Slideshow: A community transformed (Dairyland Diversity Part 6)

Reporter Jacob Kushner and photographer Jake Naughton went to Darlington, Wis., for the latest installment of our Dairyland Diversity package (it’s here: Immigrant dairy workers transform a rural Wisconsin community). And they came back with an unusual coming-to-America story. One in which the old guard and the new wave are actually living in relative harmony.

Victoria, an undocumented immigrant, works at a dairy farm east of La Crosse -- and gets there by driving, although she lacks a license.

Undocumented and driving without a license

Drivers beware: There’s a woman driving a stretch of Interstate 90 between Sparta and Tomah — without a license or any training about Wisconsin’s traffic laws.

An immigrant worker milks cows in the parlor at John Rosenow's dairy farm in Buffalo County. Rosenow employs eight Mexican immigrants.

Immigrants now 40 percent of state’s dairy workforce

A growing number of Wisconsin dairy farmers are relying on immigrants to milk their cows and keep their farms running smoothly. But experts say farmers are often caught in a “don’t ask, don’t tell” web of federal employment regulations, with a strong incentive to know as little as possible about the legal status of their workers.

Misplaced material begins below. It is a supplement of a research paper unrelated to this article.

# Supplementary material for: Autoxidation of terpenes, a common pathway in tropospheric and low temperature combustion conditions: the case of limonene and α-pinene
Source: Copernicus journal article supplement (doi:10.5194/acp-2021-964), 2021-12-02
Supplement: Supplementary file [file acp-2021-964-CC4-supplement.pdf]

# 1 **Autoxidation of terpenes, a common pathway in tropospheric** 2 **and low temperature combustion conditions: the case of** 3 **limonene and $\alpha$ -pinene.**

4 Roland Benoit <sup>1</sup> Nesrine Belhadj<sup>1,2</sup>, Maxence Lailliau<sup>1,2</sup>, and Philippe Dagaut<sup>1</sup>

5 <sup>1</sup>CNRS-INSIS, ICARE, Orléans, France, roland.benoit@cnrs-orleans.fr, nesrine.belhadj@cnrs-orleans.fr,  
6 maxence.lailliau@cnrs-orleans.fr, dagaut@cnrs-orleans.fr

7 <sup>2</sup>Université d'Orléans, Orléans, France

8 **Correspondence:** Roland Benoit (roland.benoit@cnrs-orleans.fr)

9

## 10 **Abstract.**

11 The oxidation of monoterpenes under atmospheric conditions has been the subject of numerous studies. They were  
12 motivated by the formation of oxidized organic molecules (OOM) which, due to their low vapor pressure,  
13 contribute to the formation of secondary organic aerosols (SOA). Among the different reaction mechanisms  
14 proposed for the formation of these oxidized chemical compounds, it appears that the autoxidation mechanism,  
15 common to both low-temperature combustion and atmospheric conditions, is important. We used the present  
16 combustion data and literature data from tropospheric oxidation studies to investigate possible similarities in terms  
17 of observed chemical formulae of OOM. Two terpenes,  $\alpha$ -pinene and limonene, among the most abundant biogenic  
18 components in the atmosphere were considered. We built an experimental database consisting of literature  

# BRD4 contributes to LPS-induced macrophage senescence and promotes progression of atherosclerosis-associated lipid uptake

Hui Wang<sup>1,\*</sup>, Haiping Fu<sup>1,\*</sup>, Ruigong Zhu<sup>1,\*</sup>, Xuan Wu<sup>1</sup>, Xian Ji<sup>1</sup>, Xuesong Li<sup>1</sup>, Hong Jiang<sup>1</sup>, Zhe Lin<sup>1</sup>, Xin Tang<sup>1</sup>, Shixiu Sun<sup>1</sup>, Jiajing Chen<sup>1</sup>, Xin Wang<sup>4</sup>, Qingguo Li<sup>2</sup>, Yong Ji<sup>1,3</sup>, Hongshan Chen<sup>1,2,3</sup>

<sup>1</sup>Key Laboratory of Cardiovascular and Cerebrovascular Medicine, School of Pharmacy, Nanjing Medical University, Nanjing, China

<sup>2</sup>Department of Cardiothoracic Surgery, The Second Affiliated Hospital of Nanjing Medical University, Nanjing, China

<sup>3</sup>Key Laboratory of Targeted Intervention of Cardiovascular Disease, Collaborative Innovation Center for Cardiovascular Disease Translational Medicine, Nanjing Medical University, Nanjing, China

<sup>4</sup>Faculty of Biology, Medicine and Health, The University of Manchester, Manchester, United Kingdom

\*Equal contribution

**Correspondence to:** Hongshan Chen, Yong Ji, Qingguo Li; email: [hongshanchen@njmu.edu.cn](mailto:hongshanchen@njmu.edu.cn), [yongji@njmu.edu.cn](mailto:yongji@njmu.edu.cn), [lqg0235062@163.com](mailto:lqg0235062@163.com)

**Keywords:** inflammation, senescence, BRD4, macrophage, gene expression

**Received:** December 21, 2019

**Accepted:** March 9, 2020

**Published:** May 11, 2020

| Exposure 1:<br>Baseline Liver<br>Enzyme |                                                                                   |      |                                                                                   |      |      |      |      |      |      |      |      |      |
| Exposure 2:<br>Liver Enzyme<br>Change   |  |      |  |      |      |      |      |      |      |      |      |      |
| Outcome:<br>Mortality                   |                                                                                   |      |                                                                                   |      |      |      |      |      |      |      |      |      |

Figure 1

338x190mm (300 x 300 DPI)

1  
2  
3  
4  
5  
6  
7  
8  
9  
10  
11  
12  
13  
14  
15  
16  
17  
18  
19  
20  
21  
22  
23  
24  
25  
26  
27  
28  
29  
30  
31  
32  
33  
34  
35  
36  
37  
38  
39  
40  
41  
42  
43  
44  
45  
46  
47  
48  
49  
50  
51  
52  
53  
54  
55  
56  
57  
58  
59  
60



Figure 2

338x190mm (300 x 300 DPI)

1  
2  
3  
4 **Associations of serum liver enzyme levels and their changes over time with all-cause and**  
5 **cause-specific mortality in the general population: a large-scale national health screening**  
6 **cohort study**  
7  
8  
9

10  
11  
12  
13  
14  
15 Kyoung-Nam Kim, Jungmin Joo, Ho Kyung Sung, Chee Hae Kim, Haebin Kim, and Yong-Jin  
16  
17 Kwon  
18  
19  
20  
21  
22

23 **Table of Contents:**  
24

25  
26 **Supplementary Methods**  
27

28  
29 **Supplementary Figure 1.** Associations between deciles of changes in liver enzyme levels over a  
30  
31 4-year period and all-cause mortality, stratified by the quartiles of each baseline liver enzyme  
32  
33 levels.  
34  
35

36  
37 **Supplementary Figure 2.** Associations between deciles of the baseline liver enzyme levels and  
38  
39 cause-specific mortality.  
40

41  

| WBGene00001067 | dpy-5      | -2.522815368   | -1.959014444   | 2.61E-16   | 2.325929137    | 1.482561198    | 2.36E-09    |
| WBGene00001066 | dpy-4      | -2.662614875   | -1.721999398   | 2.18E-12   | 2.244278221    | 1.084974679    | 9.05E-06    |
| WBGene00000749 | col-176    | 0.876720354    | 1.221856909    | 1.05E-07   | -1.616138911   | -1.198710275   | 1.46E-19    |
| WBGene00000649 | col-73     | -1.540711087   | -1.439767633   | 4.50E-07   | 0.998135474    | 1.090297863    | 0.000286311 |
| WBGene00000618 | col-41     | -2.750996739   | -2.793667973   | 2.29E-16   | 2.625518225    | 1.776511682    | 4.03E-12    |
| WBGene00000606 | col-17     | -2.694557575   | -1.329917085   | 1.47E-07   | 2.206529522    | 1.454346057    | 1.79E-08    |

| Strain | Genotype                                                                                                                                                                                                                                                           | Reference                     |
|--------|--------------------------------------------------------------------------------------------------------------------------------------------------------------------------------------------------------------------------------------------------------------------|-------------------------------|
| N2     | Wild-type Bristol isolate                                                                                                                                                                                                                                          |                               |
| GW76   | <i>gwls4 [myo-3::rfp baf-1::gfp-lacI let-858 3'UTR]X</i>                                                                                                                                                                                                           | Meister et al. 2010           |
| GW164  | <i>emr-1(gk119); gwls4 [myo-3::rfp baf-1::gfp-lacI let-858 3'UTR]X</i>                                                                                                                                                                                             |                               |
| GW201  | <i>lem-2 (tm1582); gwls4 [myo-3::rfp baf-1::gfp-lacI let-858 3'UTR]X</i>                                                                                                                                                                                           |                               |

Rural immigration summit focuses on ‘invisible community’

DODGEVILLE — Rapid increases in the Latino population of Wisconsin’s rural areas are reshaping work, school and social life, but also are raising concerns that Spanish-speaking immigrants are often isolated and mistrusted, experts and residents said at an event aimed at fostering better connections between newcomers and long-time residents.

Farmers discuss immigrant workers

Wisconsin Public Television, a partner with the Wisconsin Center for Investigative Journalism, talks with Wisconsin farmers about the role of Hispanic immigrant workers in the dairy industry, as part of a new investigation launched by the Center.

Doyle on dairy: Immigrant worker role increasing

WATERLOO — Top Wisconsin officials acknowledged Tuesday that Wisconsin dairy farmers increasingly rely upon immigrant workers, including large numbers who may be undocumented — a result of demand for labor and the nation’s porous borders.